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Book Review: Eating Animals by Jonathan Safran Foer

May 8, 2011

Every American should read Eating Animals. The book is a brave in-depth analysis of the factory farming industry in America. Unlike Michael Pollan and Eric Schlosser, who are criticized for stopping short of a logical eating ethic, Foer does not dance around the details. Using raw numbers, his own visits to a variety of types of farms, and interviews with a variety of members in the industry, Foer reveals the hidden. Meat does not come from farms with animals; it comes from factories processing a sort of sub-animal, too sickly and genetically mutated to be considered whole. Erase the nostalgic concept of the American farmer, where the relationship between animal and farmer is symbiotic. That is not where your food is coming from.

Throughout his book, it is clear that Foer battles his own traditions and habits. He repeatedly explains his problematic relationship with vegetarianism and his family’s attachment to meal rituals. He talks about our habits with food. We tack on tradition and memory to our relationship with food, which makes it harder to transition yourself away from meat. By the end of the book, he realizes our sticking with the present food consumption pattern is a lazy habit. By not wanting to change our habits and learn more, we hide the process in making our food. We mystify the production. For the sake of a fried treat reminiscent of childhood picnics, we let the chicken industry get away with hiding how they create the final product. To Foer, we are passive consumers participating in an industry without ethics. When Foer starts raising children, he realized he had no idea what he was feeding his baby. He investigated beyond the factory farming veil, and found very disturbing results. He sneaks onto a chicken farm, into a football field sized shed, and sees horrific and disgusting conditions, including sickly live chicks squeezed together living on top of dead chicks and feces. Here is a fact: the meat and dairy industries actively hide what they are producing. That alone is scary. Add the conditions that are the result of this, and you have unclean and inhumane practices.

When it comes to statistic details, Foer is every math teachers dream. Instead of just relaying stats and facts, Foer illustrates what these numbers mean. I became intrigued when Foer described the space allowed to a free-range chicken (the size of a piece of 8 x 10 paper) or when he explained how many people it would take to produce the pounds of animal waste that occur per factory farm. I knew that the waste pits were extremely harmful for the environment, as a friend of mine prosecutes chicken farms for this very reason. However, I didn’t really fully understand how disgusting and harmful these pits can be. They are deadly. It happens more often than you think but just this week, a farmer in Sussex England fell in a waste pit and died. Foer interweaves environmentalism and abuse issues, showing a system that is too horrific to imagine. In fact, I would rather let Foer explain the details, as he does it in a concise and convincing manner. I joked with AAM that this review won’t be able to illustrate how good the book is, and he said “Just scan it into the computer.”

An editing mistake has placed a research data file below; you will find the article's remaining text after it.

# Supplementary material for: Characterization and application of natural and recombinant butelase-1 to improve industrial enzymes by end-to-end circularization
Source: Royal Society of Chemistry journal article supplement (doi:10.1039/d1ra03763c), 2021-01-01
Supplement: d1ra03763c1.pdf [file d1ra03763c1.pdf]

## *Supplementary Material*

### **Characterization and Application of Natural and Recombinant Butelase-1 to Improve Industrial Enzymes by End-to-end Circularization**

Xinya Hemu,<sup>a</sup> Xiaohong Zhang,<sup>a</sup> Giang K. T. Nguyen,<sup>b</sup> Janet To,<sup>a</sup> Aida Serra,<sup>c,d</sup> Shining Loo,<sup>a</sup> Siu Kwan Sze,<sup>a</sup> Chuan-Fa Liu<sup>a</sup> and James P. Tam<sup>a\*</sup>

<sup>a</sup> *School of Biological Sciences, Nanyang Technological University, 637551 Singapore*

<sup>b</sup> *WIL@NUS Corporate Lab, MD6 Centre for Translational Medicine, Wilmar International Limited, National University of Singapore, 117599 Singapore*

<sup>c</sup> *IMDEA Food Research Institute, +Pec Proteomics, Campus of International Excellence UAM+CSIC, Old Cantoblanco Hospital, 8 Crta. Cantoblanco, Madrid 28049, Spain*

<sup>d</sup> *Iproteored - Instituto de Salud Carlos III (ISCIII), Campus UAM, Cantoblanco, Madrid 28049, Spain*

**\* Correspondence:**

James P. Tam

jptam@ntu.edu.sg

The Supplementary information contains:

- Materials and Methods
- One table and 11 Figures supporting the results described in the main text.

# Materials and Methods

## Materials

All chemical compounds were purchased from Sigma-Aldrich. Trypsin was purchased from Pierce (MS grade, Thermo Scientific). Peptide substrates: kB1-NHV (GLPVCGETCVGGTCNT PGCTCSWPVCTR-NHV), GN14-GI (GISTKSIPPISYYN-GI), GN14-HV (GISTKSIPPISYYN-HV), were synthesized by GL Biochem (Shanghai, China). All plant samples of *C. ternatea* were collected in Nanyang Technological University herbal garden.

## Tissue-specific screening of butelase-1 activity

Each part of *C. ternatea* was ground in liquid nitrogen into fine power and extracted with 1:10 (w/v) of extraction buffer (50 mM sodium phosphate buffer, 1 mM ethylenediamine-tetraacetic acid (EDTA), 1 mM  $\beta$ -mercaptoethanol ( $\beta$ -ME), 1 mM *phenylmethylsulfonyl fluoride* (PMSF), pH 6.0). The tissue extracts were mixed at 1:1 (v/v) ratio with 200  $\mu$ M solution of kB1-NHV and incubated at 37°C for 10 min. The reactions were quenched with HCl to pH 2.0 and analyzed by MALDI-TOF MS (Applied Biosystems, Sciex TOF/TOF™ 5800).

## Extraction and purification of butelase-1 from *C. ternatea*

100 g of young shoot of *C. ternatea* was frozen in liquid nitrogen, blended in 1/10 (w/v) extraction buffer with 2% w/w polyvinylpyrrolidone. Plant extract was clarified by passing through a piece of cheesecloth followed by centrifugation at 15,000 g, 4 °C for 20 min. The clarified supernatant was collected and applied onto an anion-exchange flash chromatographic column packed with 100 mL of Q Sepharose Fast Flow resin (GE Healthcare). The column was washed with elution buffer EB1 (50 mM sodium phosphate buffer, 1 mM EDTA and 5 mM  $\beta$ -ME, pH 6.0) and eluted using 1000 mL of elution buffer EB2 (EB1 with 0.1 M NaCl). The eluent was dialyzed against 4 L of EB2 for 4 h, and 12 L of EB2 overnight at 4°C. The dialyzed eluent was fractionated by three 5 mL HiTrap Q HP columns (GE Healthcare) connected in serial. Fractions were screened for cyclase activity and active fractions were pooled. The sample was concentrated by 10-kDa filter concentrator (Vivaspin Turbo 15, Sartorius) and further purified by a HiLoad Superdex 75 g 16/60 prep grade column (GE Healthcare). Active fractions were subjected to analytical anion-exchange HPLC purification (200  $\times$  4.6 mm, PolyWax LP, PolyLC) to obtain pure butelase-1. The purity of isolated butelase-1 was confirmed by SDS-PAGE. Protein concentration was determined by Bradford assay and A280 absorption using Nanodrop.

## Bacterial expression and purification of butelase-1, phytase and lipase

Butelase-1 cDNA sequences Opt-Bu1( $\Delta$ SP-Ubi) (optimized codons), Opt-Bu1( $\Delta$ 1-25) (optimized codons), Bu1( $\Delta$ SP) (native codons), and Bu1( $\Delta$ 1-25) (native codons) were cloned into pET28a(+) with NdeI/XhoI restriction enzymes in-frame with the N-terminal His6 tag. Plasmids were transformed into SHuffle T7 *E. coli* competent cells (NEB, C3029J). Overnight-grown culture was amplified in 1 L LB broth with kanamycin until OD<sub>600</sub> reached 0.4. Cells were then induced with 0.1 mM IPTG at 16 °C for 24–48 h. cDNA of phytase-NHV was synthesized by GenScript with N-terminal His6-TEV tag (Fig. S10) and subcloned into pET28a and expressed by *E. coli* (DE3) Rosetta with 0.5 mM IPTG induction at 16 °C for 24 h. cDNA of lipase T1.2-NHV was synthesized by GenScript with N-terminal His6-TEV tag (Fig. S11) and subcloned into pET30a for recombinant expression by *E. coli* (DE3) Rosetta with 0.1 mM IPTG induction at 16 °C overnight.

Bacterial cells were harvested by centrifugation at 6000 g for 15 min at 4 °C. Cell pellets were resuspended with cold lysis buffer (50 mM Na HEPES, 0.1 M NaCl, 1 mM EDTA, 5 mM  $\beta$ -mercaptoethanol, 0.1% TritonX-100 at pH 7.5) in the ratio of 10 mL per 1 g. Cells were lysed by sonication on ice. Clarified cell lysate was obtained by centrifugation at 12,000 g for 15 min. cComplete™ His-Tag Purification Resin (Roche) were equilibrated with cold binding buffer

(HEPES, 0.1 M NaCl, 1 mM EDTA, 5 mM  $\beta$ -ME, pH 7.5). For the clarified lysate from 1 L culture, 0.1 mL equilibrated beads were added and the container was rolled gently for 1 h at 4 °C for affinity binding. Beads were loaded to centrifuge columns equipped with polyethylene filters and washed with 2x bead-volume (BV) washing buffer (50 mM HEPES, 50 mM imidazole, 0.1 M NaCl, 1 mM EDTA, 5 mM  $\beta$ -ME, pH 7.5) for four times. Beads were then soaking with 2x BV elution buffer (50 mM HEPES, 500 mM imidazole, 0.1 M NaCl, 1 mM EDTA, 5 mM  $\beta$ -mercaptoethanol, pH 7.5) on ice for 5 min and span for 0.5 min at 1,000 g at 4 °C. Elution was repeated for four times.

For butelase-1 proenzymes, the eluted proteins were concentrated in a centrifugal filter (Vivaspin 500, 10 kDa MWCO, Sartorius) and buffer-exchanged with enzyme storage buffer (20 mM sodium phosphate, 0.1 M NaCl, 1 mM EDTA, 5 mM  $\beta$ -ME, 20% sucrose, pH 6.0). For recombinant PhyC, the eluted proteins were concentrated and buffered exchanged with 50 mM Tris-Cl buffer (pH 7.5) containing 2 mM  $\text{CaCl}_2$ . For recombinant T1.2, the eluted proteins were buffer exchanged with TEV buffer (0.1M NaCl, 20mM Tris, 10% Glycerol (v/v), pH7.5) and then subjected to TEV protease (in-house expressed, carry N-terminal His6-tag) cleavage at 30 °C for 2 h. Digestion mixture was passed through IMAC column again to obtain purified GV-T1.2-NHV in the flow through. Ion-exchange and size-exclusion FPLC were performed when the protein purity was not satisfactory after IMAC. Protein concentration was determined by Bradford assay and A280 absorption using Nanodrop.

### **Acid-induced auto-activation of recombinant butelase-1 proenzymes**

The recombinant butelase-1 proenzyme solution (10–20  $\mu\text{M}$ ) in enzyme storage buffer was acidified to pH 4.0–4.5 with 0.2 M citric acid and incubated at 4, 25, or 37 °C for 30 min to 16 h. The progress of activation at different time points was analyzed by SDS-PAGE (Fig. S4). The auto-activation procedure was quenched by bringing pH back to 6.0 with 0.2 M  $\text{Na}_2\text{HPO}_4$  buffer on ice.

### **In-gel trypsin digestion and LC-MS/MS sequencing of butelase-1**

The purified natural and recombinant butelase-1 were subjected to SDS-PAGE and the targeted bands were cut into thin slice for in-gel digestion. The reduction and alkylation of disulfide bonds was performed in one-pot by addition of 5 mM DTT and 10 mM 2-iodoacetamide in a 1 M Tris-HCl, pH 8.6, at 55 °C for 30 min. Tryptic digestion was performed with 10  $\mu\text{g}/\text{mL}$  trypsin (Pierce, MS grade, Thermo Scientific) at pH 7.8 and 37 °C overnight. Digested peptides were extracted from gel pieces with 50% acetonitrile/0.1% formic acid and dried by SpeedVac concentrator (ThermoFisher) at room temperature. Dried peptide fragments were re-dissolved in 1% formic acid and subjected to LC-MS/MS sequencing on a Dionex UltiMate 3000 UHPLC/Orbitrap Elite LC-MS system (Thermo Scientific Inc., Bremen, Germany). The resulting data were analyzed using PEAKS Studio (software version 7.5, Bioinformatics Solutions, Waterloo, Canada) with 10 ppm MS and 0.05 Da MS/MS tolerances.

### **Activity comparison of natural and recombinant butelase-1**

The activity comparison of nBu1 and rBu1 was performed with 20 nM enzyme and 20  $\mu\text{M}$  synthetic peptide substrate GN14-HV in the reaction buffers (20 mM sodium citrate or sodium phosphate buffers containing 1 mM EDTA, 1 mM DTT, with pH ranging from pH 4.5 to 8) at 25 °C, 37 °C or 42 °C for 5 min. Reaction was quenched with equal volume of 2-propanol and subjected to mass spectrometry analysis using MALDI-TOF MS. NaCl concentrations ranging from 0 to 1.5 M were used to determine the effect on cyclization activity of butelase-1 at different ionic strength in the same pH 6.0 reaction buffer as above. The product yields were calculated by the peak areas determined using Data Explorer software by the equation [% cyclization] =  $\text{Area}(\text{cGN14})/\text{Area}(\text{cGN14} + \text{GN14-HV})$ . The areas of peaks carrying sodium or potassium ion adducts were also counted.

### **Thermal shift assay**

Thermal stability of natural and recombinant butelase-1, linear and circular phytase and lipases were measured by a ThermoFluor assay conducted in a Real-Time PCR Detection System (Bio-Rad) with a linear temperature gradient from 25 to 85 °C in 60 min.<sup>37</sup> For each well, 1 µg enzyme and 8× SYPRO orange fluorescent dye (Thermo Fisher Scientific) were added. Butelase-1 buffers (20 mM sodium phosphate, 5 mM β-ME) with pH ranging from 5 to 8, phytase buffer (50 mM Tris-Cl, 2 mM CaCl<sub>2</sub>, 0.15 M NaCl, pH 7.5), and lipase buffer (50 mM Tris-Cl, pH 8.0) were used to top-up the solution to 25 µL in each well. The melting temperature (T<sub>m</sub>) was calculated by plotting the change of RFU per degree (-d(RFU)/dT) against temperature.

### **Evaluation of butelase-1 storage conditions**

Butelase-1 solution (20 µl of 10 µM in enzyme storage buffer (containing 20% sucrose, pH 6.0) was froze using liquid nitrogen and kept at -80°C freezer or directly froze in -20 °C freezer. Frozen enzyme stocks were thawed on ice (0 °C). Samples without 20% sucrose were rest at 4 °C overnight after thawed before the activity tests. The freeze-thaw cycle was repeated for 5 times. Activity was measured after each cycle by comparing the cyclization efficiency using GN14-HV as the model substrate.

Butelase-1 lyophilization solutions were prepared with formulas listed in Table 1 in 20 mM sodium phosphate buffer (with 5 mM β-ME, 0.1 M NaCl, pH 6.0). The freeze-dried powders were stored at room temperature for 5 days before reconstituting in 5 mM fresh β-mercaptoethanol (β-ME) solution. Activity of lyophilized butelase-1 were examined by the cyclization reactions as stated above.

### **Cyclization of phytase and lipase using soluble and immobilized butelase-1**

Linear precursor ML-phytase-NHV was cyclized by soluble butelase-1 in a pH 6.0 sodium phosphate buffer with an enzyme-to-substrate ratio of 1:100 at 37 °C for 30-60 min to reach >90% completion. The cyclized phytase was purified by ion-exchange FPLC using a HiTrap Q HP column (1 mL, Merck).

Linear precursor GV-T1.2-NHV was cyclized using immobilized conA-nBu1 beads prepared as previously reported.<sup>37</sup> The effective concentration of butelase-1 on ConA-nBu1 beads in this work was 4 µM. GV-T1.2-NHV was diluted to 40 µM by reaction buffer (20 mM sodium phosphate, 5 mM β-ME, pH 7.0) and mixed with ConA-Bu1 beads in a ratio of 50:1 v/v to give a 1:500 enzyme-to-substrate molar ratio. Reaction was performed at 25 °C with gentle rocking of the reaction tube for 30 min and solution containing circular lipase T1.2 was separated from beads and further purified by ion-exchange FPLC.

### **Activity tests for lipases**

Foer does take Michael Pollan to task for saying that some farms are better than others (A great blog, written by a graduate student at Pollan’s UC Berkley, called “Say What Michael Pollan” does this as well, but in a much more detailed manner). He explains that this creates an inconsistent message and a hard one to manage at that. For example, it is much easier to tell your host that you are vegetarian then, “I only eat sustainable meat and dairy from this one random farm.”  It is easier to just give up and join the factory farmed consumers. Additionally, the more “humane” cattle and bird farms that Pollan recommends still funnel money to the factory farms through purchasing animals and supplies, slaughtering at the large slaughterhouses, and impacting the environment. For Foer, there is no way to escape the system, but to quit it.

Believe me, I know, reading about our factory farming systems is uncomfortable. Nobody wants to voluntarily read about how awful conditions have become. Reading is for pleasure, for enjoyment. However, I truly believe that food should be examined and questioned. We shouldn’t be complacent and eat something because we always have eaten it. Foer also questions the “I don’t want to hear it. I like my meat” approach to eating. You have every right to know about your food, and should make decisions once you know the entire truth. Foer tells a story about Lincoln saving a few small birds in distress. He was teased by others, but Lincoln replied “I could not have slept to-night if I had left those poor creatures on the ground and not restored them to their mother.” Foer explains that once Lincoln knew about the birds, they could not escape his mind. He wasn’t a vegetarian or anything sentimental, just a person who saw distress and wanted to solve it. For my readers who aren’t vegetarian, I do encourage you to read the book to at least be more educated about the system you are participating in. I know your instinct is to dismiss and not read Eating Animals, but question that dismissal. Why are we so dismissive of efforts to reveal the hidden? Once we know the truth about how meat is produced, we are better equipped to demand better food.

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